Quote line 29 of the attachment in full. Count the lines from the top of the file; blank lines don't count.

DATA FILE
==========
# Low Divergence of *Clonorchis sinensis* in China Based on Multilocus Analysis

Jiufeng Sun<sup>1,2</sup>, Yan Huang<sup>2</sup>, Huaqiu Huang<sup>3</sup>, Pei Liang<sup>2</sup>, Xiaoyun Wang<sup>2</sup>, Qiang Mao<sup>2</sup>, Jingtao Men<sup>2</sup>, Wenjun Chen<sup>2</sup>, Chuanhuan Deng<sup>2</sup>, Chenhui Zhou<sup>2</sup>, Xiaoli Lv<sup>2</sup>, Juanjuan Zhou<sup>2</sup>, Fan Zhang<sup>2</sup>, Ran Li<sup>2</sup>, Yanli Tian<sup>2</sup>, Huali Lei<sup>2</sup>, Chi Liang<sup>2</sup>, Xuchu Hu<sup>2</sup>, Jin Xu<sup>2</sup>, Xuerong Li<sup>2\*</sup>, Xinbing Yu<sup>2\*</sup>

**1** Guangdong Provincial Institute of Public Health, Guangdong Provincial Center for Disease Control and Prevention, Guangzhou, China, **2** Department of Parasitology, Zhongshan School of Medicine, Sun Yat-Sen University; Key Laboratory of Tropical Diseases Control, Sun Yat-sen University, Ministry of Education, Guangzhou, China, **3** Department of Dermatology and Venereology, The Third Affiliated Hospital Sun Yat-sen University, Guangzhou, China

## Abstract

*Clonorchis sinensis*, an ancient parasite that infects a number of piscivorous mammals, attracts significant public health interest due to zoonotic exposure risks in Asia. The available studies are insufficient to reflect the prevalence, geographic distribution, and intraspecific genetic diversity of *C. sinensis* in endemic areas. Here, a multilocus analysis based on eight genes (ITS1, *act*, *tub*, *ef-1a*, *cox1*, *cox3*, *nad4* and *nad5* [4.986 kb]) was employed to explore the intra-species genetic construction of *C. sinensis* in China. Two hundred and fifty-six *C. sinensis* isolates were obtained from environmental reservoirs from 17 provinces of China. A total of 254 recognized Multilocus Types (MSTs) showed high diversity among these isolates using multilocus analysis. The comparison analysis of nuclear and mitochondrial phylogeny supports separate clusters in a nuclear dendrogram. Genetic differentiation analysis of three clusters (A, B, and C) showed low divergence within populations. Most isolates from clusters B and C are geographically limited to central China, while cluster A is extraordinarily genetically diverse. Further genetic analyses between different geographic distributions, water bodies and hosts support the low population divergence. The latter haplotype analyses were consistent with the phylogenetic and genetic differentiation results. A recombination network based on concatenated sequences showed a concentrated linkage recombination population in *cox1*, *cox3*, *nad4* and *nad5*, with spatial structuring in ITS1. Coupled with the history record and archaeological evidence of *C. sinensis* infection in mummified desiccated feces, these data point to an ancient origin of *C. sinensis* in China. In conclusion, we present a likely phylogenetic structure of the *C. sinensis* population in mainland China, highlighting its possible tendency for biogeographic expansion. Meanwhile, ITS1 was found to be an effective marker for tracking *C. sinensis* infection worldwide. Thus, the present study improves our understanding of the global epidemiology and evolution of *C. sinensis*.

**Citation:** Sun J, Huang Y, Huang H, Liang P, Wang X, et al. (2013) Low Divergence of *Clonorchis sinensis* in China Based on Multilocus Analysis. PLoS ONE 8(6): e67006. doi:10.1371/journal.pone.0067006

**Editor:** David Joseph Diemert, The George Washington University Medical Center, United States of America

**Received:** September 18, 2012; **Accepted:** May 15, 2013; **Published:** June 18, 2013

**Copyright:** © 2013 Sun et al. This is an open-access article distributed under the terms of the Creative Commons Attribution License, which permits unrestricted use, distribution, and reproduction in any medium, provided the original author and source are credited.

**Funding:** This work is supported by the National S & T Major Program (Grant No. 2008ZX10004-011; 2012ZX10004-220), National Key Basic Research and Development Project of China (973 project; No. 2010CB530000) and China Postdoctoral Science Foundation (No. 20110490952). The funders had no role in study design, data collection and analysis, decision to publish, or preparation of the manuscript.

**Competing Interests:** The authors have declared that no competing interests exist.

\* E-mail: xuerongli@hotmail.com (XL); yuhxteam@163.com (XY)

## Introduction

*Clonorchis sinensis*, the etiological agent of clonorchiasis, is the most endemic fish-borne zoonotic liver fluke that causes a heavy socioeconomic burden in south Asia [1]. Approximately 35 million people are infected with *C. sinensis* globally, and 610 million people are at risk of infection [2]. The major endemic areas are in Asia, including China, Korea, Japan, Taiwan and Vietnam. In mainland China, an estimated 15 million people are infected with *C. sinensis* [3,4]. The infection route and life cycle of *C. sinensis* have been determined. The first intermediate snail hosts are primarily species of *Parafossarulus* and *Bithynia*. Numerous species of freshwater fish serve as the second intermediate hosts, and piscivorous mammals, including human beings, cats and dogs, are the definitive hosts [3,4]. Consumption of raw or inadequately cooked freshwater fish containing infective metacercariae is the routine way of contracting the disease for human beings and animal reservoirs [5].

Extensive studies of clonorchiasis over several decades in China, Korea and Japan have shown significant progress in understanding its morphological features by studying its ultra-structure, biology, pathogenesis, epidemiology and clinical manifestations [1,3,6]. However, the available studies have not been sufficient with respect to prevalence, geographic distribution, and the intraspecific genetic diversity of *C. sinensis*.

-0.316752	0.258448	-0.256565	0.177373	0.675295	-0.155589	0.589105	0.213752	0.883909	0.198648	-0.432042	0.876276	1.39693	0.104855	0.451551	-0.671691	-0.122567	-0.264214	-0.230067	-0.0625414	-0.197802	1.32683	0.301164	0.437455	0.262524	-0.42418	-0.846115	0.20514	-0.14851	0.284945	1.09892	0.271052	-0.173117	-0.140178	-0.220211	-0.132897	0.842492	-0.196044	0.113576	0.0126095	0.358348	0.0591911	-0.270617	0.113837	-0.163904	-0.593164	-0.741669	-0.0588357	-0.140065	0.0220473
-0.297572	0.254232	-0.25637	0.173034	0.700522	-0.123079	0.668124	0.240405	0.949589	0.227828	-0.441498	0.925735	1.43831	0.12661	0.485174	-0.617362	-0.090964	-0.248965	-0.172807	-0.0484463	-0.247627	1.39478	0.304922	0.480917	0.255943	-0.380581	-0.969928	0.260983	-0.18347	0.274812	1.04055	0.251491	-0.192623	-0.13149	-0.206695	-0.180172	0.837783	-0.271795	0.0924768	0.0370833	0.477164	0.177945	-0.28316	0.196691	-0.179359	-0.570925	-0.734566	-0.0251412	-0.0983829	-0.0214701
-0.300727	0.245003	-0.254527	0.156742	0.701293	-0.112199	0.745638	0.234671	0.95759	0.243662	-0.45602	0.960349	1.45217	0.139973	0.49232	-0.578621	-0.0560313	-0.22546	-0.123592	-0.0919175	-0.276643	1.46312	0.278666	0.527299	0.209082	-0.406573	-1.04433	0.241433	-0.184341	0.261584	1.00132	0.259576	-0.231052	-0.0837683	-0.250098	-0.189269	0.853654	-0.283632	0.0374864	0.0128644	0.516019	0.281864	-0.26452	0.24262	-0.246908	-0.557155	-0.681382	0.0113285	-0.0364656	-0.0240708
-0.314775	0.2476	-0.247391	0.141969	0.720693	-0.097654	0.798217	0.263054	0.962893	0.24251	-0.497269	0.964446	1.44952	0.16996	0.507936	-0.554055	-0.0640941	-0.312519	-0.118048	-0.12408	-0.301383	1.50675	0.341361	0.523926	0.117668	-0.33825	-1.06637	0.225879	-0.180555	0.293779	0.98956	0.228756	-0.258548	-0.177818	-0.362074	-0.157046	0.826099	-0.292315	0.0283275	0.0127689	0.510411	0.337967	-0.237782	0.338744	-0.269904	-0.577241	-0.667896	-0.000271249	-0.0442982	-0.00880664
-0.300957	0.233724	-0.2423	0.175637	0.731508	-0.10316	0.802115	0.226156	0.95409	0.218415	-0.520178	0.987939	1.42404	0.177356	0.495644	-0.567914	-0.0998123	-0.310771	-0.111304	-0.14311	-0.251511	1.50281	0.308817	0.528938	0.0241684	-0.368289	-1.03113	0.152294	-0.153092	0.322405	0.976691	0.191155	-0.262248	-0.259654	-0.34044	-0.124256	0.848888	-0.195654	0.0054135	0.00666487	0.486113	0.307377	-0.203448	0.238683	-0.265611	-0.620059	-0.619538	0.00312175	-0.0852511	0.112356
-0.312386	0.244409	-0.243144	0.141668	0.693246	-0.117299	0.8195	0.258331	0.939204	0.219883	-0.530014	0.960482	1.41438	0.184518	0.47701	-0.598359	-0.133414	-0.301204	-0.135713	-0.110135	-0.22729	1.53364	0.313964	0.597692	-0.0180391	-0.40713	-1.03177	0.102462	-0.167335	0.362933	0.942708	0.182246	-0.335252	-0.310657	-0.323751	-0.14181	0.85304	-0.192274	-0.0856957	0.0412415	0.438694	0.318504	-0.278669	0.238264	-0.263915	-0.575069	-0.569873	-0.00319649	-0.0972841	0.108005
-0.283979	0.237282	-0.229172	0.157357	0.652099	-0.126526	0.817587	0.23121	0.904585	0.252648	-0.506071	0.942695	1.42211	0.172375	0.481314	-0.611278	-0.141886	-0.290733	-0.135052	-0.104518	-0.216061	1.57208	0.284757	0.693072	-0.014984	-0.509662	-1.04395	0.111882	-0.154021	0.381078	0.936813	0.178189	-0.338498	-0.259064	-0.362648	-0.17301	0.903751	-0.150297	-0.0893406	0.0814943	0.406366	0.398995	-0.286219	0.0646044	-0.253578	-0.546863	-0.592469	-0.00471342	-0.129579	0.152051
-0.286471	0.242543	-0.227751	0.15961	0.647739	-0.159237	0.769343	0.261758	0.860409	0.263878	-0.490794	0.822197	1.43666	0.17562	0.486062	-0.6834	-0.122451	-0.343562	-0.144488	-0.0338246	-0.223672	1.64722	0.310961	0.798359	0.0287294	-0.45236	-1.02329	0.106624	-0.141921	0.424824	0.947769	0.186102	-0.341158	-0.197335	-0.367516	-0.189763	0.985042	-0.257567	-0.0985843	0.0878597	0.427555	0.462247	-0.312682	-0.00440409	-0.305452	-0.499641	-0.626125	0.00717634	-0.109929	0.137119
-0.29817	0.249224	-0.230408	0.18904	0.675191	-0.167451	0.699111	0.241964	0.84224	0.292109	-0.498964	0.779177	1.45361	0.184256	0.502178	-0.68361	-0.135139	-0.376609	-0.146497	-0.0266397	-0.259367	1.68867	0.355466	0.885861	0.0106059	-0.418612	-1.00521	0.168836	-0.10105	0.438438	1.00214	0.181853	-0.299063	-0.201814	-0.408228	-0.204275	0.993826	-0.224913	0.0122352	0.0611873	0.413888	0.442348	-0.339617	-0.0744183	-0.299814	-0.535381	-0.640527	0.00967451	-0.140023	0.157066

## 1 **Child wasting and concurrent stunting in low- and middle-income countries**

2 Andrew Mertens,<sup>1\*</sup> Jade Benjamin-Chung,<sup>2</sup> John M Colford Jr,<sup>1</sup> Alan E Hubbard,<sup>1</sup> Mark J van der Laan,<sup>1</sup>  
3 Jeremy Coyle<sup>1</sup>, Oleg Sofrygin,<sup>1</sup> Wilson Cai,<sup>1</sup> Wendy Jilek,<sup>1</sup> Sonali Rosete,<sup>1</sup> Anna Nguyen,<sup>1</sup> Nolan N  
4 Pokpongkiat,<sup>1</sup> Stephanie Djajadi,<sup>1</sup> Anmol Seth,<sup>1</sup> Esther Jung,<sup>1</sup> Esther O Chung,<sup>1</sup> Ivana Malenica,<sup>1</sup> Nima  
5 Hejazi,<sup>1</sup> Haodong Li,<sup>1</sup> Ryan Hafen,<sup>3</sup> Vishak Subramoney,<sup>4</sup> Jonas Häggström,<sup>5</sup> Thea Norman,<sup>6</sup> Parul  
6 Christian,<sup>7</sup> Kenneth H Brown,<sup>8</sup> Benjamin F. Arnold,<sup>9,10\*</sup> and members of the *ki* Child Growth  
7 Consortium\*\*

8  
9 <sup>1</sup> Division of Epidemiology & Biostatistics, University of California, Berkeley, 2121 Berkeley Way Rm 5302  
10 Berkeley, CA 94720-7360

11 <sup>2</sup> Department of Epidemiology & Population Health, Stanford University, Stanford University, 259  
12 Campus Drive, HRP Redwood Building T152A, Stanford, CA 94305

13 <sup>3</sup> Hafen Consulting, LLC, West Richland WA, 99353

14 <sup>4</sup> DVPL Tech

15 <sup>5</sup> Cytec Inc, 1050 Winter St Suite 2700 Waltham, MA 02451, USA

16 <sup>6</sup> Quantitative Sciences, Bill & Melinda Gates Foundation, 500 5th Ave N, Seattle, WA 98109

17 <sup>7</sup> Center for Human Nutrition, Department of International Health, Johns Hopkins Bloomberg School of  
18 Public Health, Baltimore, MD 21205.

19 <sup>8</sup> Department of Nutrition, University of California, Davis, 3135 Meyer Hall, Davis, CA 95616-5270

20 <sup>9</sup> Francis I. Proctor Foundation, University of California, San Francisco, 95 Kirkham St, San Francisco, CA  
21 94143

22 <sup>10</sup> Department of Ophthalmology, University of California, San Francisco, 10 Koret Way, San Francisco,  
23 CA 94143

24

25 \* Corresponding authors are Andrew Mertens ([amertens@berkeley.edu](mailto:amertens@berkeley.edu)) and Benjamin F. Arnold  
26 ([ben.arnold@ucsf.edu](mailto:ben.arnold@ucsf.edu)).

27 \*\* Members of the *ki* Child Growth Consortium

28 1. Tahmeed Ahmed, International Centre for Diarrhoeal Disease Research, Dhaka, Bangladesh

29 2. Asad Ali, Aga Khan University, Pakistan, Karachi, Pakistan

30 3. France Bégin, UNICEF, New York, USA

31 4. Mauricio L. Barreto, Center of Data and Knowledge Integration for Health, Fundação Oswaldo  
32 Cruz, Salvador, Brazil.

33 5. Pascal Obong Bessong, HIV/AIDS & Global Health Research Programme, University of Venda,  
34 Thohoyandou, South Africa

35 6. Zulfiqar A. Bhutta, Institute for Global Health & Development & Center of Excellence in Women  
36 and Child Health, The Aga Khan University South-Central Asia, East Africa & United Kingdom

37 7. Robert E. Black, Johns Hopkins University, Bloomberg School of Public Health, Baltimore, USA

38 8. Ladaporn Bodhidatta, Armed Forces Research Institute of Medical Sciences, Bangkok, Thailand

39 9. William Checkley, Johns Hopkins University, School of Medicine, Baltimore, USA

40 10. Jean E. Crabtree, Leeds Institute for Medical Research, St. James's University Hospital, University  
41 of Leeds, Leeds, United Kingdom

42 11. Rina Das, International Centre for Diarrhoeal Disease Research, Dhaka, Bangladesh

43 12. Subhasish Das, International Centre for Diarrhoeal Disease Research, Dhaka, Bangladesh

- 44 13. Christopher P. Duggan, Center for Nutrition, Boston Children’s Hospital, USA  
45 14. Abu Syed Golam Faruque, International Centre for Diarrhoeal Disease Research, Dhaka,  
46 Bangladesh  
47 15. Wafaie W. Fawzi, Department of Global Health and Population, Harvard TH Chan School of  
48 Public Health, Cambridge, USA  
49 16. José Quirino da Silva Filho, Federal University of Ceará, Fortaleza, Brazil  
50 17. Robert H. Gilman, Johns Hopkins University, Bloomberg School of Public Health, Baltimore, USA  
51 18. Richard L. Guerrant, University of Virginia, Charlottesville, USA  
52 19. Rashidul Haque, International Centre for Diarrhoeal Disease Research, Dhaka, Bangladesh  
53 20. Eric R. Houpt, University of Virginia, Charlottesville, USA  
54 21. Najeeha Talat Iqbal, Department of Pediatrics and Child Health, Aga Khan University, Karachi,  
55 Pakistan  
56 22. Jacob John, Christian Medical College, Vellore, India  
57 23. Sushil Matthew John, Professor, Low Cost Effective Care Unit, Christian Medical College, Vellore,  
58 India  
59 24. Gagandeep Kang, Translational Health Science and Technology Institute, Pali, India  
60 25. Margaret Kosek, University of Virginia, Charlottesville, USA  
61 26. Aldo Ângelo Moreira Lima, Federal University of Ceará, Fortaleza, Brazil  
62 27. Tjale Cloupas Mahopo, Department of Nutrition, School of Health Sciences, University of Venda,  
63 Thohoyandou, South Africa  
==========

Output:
5 Hejazi,<sup>1</sup> Haodong Li,<sup>1</sup> Ryan Hafen,<sup>3</sup> Vishak Subramoney,<sup>4</sup> Jonas Häggström,<sup>5</sup> Thea Norman,<sup>6</sup> Parul  